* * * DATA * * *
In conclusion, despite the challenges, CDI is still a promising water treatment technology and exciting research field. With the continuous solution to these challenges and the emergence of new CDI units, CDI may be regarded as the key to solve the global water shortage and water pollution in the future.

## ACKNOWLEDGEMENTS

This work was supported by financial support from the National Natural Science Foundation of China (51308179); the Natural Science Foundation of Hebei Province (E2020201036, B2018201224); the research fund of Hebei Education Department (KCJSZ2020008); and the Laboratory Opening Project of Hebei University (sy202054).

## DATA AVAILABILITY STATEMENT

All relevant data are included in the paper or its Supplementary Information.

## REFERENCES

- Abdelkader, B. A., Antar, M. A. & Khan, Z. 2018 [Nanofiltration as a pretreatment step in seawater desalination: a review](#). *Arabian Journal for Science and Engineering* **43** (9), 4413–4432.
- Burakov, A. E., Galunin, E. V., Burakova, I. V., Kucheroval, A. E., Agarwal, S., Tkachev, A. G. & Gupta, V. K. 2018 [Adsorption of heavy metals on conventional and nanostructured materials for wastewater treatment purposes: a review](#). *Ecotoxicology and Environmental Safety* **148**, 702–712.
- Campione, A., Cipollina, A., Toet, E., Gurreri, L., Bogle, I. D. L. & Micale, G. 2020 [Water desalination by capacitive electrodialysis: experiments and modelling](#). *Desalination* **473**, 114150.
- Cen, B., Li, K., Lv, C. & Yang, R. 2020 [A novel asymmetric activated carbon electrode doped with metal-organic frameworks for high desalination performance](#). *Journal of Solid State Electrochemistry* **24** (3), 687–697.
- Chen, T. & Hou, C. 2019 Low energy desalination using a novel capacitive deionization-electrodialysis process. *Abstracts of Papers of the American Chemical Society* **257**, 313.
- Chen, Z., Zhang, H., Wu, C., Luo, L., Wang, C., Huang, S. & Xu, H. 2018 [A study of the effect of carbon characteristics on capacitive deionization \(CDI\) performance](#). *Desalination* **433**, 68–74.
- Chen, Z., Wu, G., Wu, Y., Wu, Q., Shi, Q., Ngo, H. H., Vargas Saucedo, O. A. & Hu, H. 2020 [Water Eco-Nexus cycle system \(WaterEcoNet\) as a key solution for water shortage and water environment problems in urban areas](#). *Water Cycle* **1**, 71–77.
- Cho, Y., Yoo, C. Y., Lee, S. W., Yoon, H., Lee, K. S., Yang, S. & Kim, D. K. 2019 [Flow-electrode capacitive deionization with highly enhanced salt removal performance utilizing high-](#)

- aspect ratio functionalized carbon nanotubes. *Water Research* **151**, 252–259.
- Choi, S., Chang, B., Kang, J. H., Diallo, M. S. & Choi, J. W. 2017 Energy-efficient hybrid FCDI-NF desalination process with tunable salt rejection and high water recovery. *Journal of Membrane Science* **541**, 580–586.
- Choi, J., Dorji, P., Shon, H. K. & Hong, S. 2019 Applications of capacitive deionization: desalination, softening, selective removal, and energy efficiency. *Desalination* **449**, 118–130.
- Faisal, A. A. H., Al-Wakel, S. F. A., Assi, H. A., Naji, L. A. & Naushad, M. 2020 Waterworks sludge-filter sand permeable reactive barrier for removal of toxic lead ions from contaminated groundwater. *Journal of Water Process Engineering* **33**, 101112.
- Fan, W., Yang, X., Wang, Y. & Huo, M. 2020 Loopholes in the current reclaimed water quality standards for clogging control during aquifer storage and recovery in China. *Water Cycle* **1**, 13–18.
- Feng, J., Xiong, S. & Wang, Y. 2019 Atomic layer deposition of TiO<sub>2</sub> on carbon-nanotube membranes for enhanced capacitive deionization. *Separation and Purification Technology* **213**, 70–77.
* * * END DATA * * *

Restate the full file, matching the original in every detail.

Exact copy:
In conclusion, despite the challenges, CDI is still a promising water treatment technology and exciting research field. With the continuous solution to these challenges and the emergence of new CDI units, CDI may be regarded as the key to solve the global water shortage and water pollution in the future.

## ACKNOWLEDGEMENTS

This work was supported by financial support from the National Natural Science Foundation of China (51308179); the Natural Science Foundation of Hebei Province (E2020201036, B2018201224); the research fund of Hebei Education Department (KCJSZ2020008); and the Laboratory Opening Project of Hebei University (sy202054).

## DATA AVAILABILITY STATEMENT

All relevant data are included in the paper or its Supplementary Information.

## REFERENCES

- Abdelkader, B. A., Antar, M. A. & Khan, Z. 2018 [Nanofiltration as a pretreatment step in seawater desalination: a review](#). *Arabian Journal for Science and Engineering* **43** (9), 4413–4432.
- Burakov, A. E., Galunin, E. V., Burakova, I. V., Kucheroval, A. E., Agarwal, S., Tkachev, A. G. & Gupta, V. K. 2018 [Adsorption of heavy metals on conventional and nanostructured materials for wastewater treatment purposes: a review](#). *Ecotoxicology and Environmental Safety* **148**, 702–712.
- Campione, A., Cipollina, A., Toet, E., Gurreri, L., Bogle, I. D. L. & Micale, G. 2020 [Water desalination by capacitive electrodialysis: experiments and modelling](#). *Desalination* **473**, 114150.
- Cen, B., Li, K., Lv, C. & Yang, R. 2020 [A novel asymmetric activated carbon electrode doped with metal-organic frameworks for high desalination performance](#). *Journal of Solid State Electrochemistry* **24** (3), 687–697.
- Chen, T. & Hou, C. 2019 Low energy desalination using a novel capacitive deionization-electrodialysis process. *Abstracts of Papers of the American Chemical Society* **257**, 313.
- Chen, Z., Zhang, H., Wu, C., Luo, L., Wang, C., Huang, S. & Xu, H. 2018 [A study of the effect of carbon characteristics on capacitive deionization \(CDI\) performance](#). *Desalination* **433**, 68–74.
- Chen, Z., Wu, G., Wu, Y., Wu, Q., Shi, Q., Ngo, H. H., Vargas Saucedo, O. A. & Hu, H. 2020 [Water Eco-Nexus cycle system \(WaterEcoNet\) as a key solution for water shortage and water environment problems in urban areas](#). *Water Cycle* **1**, 71–77.
- Cho, Y., Yoo, C. Y., Lee, S. W., Yoon, H., Lee, K. S., Yang, S. & Kim, D. K. 2019 [Flow-electrode capacitive deionization with highly enhanced salt removal performance utilizing high-](#)

- aspect ratio functionalized carbon nanotubes. *Water Research* **151**, 252–259.
- Choi, S., Chang, B., Kang, J. H., Diallo, M. S. & Choi, J. W. 2017 Energy-efficient hybrid FCDI-NF desalination process with tunable salt rejection and high water recovery. *Journal of Membrane Science* **541**, 580–586.
- Choi, J., Dorji, P., Shon, H. K. & Hong, S. 2019 Applications of capacitive deionization: desalination, softening, selective removal, and energy efficiency. *Desalination* **449**, 118–130.
- Faisal, A. A. H., Al-Wakel, S. F. A., Assi, H. A., Naji, L. A. & Naushad, M. 2020 Waterworks sludge-filter sand permeable reactive barrier for removal of toxic lead ions from contaminated groundwater. *Journal of Water Process Engineering* **33**, 101112.
- Fan, W., Yang, X., Wang, Y. & Huo, M. 2020 Loopholes in the current reclaimed water quality standards for clogging control during aquifer storage and recovery in China. *Water Cycle* **1**, 13–18.
- Feng, J., Xiong, S. & Wang, Y. 2019 Atomic layer deposition of TiO<sub>2</sub> on carbon-nanotube membranes for enhanced capacitive deionization. *Separation and Purification Technology* **213**, 70–77.